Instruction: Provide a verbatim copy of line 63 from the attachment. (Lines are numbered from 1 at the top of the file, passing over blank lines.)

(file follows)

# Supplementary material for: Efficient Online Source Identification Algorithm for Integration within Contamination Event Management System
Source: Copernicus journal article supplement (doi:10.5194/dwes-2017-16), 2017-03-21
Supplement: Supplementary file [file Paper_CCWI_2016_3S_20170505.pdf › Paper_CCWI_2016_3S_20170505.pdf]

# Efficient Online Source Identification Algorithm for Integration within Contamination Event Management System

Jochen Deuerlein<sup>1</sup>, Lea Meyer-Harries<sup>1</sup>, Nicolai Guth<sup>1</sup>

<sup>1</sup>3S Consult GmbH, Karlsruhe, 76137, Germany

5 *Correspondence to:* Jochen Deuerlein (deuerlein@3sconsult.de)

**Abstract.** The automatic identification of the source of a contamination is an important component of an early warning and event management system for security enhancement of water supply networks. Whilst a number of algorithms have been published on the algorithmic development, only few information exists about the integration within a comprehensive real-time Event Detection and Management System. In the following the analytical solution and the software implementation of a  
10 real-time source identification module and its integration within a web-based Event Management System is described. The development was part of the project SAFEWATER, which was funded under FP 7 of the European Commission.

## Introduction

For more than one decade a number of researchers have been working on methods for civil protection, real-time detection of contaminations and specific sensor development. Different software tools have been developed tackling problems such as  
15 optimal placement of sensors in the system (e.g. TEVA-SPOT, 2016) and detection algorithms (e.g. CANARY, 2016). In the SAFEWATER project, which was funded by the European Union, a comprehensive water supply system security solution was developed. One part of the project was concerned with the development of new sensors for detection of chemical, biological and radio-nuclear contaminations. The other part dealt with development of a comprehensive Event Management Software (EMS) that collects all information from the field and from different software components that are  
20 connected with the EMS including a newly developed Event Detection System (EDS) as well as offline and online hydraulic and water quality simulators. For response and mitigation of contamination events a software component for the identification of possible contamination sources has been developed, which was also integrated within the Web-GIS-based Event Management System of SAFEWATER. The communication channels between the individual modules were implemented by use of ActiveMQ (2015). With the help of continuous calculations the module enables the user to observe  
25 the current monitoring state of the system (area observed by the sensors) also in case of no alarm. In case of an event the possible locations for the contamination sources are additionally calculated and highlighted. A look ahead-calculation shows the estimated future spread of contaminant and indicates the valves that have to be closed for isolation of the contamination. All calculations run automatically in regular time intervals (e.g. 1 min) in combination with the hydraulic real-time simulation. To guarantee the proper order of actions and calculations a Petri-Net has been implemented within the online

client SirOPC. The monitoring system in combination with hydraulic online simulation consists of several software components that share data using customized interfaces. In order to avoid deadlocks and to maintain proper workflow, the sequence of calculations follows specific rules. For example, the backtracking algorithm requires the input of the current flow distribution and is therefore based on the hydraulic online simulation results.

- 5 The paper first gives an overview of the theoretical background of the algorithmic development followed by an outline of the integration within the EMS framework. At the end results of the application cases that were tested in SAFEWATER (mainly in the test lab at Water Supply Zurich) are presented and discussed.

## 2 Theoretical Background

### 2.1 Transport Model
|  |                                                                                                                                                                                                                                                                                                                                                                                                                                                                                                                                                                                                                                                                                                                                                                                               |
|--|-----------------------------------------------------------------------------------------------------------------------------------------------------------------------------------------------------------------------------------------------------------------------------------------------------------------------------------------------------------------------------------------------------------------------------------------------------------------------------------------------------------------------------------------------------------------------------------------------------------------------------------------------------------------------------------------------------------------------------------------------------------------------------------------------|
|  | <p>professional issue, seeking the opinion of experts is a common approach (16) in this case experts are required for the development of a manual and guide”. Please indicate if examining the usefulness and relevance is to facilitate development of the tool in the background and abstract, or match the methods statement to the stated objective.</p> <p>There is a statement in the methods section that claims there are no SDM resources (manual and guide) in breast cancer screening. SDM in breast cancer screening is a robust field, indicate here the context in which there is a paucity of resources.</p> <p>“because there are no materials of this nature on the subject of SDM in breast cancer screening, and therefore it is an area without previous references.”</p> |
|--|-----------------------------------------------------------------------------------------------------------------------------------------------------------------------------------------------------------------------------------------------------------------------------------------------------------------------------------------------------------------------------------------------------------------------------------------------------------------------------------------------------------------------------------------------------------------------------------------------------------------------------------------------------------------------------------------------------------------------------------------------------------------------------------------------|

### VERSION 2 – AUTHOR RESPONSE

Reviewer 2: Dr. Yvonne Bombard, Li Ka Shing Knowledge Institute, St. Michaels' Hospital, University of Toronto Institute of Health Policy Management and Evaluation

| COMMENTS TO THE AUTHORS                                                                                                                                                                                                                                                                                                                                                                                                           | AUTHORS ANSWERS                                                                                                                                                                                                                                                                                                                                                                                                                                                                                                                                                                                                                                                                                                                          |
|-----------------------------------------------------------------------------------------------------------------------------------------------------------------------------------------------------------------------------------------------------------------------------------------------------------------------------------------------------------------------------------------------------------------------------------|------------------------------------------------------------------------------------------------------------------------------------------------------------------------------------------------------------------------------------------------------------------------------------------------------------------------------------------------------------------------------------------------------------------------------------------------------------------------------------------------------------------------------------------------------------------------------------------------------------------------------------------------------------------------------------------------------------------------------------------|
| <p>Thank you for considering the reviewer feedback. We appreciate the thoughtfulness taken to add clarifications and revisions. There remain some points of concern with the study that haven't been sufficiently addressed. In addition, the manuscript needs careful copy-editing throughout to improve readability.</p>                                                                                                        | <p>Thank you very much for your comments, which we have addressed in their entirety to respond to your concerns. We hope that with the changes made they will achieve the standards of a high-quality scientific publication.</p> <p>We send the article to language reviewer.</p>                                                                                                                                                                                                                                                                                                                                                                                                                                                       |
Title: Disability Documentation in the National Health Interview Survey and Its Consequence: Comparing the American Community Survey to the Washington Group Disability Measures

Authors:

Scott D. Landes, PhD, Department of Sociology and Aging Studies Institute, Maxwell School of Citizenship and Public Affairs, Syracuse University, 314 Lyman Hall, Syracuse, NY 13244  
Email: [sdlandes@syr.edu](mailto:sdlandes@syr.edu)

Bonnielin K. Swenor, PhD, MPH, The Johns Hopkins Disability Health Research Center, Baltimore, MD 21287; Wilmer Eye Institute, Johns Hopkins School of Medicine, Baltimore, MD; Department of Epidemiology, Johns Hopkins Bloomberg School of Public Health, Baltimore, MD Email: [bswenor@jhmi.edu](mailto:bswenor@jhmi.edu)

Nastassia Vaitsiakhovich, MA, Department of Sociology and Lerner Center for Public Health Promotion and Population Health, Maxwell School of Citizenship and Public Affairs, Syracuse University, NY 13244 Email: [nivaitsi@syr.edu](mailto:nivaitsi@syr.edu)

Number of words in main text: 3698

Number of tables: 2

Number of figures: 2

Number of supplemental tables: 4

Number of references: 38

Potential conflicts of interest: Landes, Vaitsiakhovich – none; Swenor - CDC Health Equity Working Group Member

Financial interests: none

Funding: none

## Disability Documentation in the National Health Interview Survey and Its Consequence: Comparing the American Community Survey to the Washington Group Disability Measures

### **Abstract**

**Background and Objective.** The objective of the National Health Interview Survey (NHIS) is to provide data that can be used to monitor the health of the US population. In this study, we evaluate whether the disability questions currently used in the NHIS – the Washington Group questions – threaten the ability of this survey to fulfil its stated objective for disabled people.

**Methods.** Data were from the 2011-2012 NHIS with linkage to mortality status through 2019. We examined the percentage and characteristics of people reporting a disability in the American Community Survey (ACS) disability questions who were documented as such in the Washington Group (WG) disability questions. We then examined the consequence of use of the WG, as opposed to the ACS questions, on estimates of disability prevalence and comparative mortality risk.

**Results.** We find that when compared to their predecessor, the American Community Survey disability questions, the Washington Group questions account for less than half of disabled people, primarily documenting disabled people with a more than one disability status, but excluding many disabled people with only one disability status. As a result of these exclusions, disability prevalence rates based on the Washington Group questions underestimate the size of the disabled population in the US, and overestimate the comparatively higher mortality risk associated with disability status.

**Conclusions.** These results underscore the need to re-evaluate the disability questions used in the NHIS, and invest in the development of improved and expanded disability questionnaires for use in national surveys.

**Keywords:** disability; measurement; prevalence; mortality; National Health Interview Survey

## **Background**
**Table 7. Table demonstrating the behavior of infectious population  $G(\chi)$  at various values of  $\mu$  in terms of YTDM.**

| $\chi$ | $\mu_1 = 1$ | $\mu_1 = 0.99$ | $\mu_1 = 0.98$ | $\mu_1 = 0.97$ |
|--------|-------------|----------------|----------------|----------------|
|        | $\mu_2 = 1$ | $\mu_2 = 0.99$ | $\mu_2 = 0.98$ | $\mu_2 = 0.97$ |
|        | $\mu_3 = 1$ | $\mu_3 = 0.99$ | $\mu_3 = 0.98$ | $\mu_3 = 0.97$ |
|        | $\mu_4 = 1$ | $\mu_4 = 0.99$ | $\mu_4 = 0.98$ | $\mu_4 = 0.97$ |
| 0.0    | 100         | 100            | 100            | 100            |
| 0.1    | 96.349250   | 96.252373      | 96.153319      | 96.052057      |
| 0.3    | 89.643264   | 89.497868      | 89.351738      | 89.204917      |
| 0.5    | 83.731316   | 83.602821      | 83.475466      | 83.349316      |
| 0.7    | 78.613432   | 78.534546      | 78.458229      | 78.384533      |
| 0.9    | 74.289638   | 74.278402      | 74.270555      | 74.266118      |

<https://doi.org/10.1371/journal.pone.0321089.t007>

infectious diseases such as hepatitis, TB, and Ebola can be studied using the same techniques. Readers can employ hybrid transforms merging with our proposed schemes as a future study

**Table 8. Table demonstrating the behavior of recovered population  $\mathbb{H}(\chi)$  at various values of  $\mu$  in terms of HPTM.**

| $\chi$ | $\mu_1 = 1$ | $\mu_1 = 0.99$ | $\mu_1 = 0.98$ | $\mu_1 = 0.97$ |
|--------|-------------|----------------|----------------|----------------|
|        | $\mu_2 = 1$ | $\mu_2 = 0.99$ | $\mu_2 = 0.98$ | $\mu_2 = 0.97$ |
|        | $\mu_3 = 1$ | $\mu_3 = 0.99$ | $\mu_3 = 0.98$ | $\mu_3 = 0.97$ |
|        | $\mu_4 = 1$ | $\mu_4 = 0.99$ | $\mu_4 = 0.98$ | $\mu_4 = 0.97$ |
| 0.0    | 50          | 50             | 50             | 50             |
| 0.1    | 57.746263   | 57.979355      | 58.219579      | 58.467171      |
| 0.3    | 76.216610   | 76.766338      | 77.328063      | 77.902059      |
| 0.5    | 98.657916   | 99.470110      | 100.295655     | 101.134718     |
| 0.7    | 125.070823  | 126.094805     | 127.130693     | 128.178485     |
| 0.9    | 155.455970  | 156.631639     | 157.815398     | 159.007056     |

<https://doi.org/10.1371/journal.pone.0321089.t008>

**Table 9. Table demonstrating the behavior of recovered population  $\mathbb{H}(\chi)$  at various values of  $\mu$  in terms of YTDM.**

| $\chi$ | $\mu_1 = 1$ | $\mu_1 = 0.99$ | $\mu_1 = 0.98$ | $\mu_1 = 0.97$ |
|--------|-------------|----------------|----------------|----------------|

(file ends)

infectious diseases such as hepatitis, TB, and Ebola can be studied using the same techniques. Readers can employ hybrid transforms merging with our proposed schemes as a future study